In East Ayrshire, 41 people have now died from coronavirus.

Almost a third of these deaths took place in care homes, with 13 dying while in care, 23 while being treated in NHS Ayrshire and Arran (NHSA&A) and five at home.

Dr Crawford McGuffie, NHSA&A’s medical director, said: “Unfortunately, coronavirus impacts greatly on older, frailer individuals. Experience from other countries has been that there is a particularly high impact on people within care homes.

“When you examine the demographic profile of Ayrshire you can see that we have a large proportion of older people. This is particularly the case in South Ayrshire, which has a higher number of care homes than East or North Ayrshire.”

Of the 159 coronavirus deaths Ayrshire and Arran, over a third took place in care homes rather than hospitals.

Ayrshire has a high number of older people which, Dr McGuffie said, could account in part for why the health board has the fifth highest death toll across the whole of Scotland.

Compared with other areas with similar populations, such as Fife and Tayside, Ayrshire’s death rate (the number of COVID-19 deaths per 10,000 people) is higher.

For every 10,000 people in NHSA&A more than four have died from the virus with a death rate of 4.3. In Fife and Tayside, the rate is 3.2 and 4.0 respectively.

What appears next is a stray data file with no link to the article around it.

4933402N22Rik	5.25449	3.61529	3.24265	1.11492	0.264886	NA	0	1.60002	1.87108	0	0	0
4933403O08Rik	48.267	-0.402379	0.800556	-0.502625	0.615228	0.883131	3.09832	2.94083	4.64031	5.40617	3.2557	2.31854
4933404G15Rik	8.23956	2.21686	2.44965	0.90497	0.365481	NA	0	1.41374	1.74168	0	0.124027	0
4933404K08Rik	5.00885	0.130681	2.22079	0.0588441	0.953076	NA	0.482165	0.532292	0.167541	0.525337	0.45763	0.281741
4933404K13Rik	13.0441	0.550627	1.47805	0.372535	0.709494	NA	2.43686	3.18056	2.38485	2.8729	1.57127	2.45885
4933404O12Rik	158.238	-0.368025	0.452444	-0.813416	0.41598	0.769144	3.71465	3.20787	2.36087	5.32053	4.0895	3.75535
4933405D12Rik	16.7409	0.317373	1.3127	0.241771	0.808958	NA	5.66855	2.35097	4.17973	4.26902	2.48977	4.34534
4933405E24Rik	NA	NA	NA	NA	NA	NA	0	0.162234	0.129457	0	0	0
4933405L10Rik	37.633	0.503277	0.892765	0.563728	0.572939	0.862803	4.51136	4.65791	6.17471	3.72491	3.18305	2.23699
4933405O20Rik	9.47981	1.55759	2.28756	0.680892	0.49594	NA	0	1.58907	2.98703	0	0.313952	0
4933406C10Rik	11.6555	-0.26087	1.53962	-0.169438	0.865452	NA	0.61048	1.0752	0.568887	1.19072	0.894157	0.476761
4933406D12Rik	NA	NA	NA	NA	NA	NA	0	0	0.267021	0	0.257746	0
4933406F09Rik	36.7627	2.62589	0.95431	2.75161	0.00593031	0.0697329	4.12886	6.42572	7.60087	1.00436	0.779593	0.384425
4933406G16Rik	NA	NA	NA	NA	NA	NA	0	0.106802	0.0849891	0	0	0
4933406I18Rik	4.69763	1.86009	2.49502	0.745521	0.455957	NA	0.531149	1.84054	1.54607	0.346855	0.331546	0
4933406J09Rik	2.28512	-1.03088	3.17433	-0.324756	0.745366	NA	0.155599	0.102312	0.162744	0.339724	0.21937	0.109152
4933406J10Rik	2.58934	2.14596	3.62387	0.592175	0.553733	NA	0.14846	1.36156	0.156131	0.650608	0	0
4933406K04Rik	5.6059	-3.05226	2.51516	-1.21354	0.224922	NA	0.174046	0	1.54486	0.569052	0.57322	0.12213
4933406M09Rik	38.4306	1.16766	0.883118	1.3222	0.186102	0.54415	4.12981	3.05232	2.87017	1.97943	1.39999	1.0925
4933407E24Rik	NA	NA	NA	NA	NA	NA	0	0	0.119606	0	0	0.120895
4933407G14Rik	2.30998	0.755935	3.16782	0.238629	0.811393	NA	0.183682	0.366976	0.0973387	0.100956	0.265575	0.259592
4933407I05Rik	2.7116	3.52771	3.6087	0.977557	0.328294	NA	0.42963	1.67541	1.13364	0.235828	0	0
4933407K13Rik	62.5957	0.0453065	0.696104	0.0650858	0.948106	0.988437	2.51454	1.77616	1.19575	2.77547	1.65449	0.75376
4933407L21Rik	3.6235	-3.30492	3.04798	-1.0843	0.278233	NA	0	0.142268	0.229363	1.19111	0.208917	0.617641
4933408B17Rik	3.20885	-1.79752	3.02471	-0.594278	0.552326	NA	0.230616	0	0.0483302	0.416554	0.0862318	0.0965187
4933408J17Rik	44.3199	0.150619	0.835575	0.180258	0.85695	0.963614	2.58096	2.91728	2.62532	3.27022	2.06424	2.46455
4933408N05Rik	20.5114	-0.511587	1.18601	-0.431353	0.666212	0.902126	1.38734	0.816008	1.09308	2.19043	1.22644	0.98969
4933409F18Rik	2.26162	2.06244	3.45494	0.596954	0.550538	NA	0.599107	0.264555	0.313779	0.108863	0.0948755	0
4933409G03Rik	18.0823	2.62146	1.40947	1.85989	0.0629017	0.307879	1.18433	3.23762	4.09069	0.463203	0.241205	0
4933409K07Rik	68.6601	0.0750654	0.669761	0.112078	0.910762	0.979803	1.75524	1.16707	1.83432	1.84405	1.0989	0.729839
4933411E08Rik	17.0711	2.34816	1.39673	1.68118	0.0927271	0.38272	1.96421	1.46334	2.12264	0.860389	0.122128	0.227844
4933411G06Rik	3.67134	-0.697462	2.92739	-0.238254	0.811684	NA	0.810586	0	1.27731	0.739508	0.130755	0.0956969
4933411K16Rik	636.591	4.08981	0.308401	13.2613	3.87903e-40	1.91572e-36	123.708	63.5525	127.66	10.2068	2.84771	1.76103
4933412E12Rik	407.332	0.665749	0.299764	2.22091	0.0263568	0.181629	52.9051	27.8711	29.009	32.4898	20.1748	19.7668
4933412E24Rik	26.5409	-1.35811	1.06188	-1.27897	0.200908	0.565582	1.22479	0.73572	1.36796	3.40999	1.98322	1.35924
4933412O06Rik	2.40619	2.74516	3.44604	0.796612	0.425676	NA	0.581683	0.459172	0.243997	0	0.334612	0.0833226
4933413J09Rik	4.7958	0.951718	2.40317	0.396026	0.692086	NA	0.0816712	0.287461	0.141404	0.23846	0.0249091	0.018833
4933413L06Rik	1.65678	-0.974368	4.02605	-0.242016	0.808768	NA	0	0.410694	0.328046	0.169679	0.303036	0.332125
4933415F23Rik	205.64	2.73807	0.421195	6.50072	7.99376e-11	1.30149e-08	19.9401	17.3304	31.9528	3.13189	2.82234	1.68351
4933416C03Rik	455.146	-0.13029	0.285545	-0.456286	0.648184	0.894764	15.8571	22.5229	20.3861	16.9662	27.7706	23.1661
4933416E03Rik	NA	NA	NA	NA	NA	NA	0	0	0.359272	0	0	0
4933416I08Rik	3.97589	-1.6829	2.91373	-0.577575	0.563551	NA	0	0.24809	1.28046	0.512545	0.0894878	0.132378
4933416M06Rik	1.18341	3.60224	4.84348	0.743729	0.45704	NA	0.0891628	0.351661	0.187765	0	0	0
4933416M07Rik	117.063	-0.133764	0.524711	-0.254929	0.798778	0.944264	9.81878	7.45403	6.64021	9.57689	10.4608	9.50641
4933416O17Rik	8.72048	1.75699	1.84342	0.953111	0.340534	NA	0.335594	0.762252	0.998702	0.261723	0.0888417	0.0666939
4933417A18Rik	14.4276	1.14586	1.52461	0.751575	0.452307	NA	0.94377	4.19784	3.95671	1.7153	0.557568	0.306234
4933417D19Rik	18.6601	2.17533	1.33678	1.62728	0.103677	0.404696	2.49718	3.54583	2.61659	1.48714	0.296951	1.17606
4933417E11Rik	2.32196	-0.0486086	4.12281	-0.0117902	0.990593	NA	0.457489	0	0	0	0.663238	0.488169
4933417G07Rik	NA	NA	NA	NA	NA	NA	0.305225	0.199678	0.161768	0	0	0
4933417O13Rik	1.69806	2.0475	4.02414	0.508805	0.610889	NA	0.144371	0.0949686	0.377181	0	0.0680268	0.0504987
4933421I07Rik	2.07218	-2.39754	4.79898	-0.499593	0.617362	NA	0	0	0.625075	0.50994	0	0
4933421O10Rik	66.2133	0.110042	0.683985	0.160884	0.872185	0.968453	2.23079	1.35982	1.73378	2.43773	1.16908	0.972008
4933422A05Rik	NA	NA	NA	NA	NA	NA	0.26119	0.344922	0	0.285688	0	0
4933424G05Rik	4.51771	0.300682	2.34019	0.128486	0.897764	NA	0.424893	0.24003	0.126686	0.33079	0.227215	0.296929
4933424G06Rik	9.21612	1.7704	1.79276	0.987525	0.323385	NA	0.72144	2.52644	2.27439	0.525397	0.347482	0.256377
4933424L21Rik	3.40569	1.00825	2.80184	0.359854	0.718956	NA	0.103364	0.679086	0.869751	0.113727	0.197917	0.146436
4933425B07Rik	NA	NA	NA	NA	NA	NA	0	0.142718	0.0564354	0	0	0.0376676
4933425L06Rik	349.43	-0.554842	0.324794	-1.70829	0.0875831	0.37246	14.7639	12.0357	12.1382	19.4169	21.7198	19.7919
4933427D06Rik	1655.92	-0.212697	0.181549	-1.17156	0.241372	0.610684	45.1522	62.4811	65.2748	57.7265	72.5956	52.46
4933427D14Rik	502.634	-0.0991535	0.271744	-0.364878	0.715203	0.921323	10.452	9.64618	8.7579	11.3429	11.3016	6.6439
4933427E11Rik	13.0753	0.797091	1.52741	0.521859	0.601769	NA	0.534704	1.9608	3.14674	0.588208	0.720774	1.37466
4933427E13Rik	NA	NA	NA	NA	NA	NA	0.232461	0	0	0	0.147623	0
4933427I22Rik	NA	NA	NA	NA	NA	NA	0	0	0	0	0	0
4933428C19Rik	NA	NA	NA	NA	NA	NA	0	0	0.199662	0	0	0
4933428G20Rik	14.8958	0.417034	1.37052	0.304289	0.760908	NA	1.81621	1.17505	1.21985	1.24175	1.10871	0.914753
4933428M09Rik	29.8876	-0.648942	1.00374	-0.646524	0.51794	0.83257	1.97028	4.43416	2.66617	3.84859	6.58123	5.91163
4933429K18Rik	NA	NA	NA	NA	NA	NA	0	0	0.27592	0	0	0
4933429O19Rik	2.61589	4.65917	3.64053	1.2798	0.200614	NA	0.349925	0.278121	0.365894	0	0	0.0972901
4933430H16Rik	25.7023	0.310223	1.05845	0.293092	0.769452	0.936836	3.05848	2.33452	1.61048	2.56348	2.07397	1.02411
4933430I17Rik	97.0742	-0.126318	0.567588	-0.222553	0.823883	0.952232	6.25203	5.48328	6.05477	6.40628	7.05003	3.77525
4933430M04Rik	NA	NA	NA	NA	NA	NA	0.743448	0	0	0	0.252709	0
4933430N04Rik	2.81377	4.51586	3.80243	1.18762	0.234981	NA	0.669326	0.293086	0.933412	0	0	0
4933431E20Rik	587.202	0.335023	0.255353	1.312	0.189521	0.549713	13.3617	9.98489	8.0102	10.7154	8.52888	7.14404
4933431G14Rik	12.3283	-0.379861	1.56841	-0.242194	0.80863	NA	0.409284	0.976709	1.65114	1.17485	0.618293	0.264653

Dr McGuffie said: “Ayrshire also has significant levels of poverty, and behavioural factors such as smoking, alcohol use and obesity, which are thought to contribute to increased risk of coronavirus complications.”

The First Minister has said hospital admission and intensive care figures give reason to be hopeful that the lockdown measures have worked.

But she cautioned against reading into the numbers too much, warning that any relaxation of the restrictions could see coronavirus spread faster.

Due to the small number of cases in Ayrshire, it is not possible to accurately determine the peak of the outbreak here.

Dr McGuffie said the epidemic has impacted on many lives since the first case was identified in Scotland and the national lockdown, on March 24, social distancing, self-isolating and shielding measures have significantly slowed down the spread of the virus.

He said: “Hospitalisations due to coronavirus have, as a result, decreased.

“However, there is always the chance that when isolation measures are lifted and the virus starts to circulate freely again cases will start to rise as part of a second wave.

“Our heartfelt thanks go out to our communities for all they have achieved in supporting the whole health and care system.”